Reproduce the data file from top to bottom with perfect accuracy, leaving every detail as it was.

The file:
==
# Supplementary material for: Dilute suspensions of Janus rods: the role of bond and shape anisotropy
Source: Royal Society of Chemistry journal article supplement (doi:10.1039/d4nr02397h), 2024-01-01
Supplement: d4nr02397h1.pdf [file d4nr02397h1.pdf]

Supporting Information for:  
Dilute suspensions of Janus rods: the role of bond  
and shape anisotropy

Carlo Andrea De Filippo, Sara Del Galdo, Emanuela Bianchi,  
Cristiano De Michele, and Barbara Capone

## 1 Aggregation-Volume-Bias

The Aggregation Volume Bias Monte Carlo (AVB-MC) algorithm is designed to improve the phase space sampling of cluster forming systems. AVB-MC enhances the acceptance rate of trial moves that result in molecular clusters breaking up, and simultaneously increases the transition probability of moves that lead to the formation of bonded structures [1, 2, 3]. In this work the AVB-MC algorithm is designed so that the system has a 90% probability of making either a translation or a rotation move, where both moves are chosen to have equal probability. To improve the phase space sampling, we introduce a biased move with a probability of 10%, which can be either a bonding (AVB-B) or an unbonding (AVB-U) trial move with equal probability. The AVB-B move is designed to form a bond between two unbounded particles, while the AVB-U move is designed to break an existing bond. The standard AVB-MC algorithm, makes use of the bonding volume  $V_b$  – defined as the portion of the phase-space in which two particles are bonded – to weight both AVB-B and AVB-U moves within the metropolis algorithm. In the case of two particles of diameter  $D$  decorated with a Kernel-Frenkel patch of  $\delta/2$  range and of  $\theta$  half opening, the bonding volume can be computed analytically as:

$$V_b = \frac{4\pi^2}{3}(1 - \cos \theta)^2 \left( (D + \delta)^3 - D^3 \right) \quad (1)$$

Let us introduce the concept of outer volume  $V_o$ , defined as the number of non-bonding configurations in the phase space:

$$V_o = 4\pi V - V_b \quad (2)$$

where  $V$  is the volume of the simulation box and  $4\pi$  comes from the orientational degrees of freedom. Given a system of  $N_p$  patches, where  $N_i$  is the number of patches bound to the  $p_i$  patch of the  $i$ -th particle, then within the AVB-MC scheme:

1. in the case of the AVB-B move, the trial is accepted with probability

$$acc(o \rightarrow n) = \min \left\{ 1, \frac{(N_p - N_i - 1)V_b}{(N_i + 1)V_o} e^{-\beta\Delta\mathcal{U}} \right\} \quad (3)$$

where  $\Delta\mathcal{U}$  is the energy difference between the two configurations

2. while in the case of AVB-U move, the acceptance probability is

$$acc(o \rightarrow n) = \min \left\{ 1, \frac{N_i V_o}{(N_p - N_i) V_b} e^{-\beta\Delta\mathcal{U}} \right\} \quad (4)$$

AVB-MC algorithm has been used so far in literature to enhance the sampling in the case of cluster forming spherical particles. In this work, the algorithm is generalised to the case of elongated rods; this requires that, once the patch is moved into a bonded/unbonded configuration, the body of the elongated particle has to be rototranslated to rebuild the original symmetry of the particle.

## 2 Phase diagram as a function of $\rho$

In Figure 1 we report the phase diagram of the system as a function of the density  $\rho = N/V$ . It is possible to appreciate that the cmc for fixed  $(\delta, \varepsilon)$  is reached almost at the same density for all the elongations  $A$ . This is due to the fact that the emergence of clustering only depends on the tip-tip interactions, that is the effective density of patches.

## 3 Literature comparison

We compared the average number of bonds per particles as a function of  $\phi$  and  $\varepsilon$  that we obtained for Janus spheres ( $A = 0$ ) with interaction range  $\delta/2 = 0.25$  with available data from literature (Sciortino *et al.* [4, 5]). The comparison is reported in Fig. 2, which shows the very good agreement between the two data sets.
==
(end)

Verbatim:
# Supplementary material for: Dilute suspensions of Janus rods: the role of bond and shape anisotropy
Source: Royal Society of Chemistry journal article supplement (doi:10.1039/d4nr02397h), 2024-01-01
Supplement: d4nr02397h1.pdf [file d4nr02397h1.pdf]

Supporting Information for:  
Dilute suspensions of Janus rods: the role of bond  
and shape anisotropy

Carlo Andrea De Filippo, Sara Del Galdo, Emanuela Bianchi,  
Cristiano De Michele, and Barbara Capone

## 1 Aggregation-Volume-Bias

The Aggregation Volume Bias Monte Carlo (AVB-MC) algorithm is designed to improve the phase space sampling of cluster forming systems. AVB-MC enhances the acceptance rate of trial moves that result in molecular clusters breaking up, and simultaneously increases the transition probability of moves that lead to the formation of bonded structures [1, 2, 3]. In this work the AVB-MC algorithm is designed so that the system has a 90% probability of making either a translation or a rotation move, where both moves are chosen to have equal probability. To improve the phase space sampling, we introduce a biased move with a probability of 10%, which can be either a bonding (AVB-B) or an unbonding (AVB-U) trial move with equal probability. The AVB-B move is designed to form a bond between two unbounded particles, while the AVB-U move is designed to break an existing bond. The standard AVB-MC algorithm, makes use of the bonding volume  $V_b$  – defined as the portion of the phase-space in which two particles are bonded – to weight both AVB-B and AVB-U moves within the metropolis algorithm. In the case of two particles of diameter  $D$  decorated with a Kernel-Frenkel patch of  $\delta/2$  range and of  $\theta$  half opening, the bonding volume can be computed analytically as:

$$V_b = \frac{4\pi^2}{3}(1 - \cos \theta)^2 \left( (D + \delta)^3 - D^3 \right) \quad (1)$$

Let us introduce the concept of outer volume  $V_o$ , defined as the number of non-bonding configurations in the phase space:

$$V_o = 4\pi V - V_b \quad (2)$$

where  $V$  is the volume of the simulation box and  $4\pi$  comes from the orientational degrees of freedom. Given a system of  $N_p$  patches, where  $N_i$  is the number of patches bound to the  $p_i$  patch of the  $i$ -th particle, then within the AVB-MC scheme:

1. in the case of the AVB-B move, the trial is accepted with probability

$$acc(o \rightarrow n) = \min \left\{ 1, \frac{(N_p - N_i - 1)V_b}{(N_i + 1)V_o} e^{-\beta\Delta\mathcal{U}} \right\} \quad (3)$$

where  $\Delta\mathcal{U}$  is the energy difference between the two configurations

2. while in the case of AVB-U move, the acceptance probability is

$$acc(o \rightarrow n) = \min \left\{ 1, \frac{N_i V_o}{(N_p - N_i) V_b} e^{-\beta\Delta\mathcal{U}} \right\} \quad (4)$$

AVB-MC algorithm has been used so far in literature to enhance the sampling in the case of cluster forming spherical particles. In this work, the algorithm is generalised to the case of elongated rods; this requires that, once the patch is moved into a bonded/unbonded configuration, the body of the elongated particle has to be rototranslated to rebuild the original symmetry of the particle.

## 2 Phase diagram as a function of $\rho$

In Figure 1 we report the phase diagram of the system as a function of the density  $\rho = N/V$ . It is possible to appreciate that the cmc for fixed  $(\delta, \varepsilon)$  is reached almost at the same density for all the elongations  $A$ . This is due to the fact that the emergence of clustering only depends on the tip-tip interactions, that is the effective density of patches.

## 3 Literature comparison

We compared the average number of bonds per particles as a function of  $\phi$  and  $\varepsilon$  that we obtained for Janus spheres ( $A = 0$ ) with interaction range  $\delta/2 = 0.25$  with available data from literature (Sciortino *et al.* [4, 5]). The comparison is reported in Fig. 2, which shows the very good agreement between the two data sets.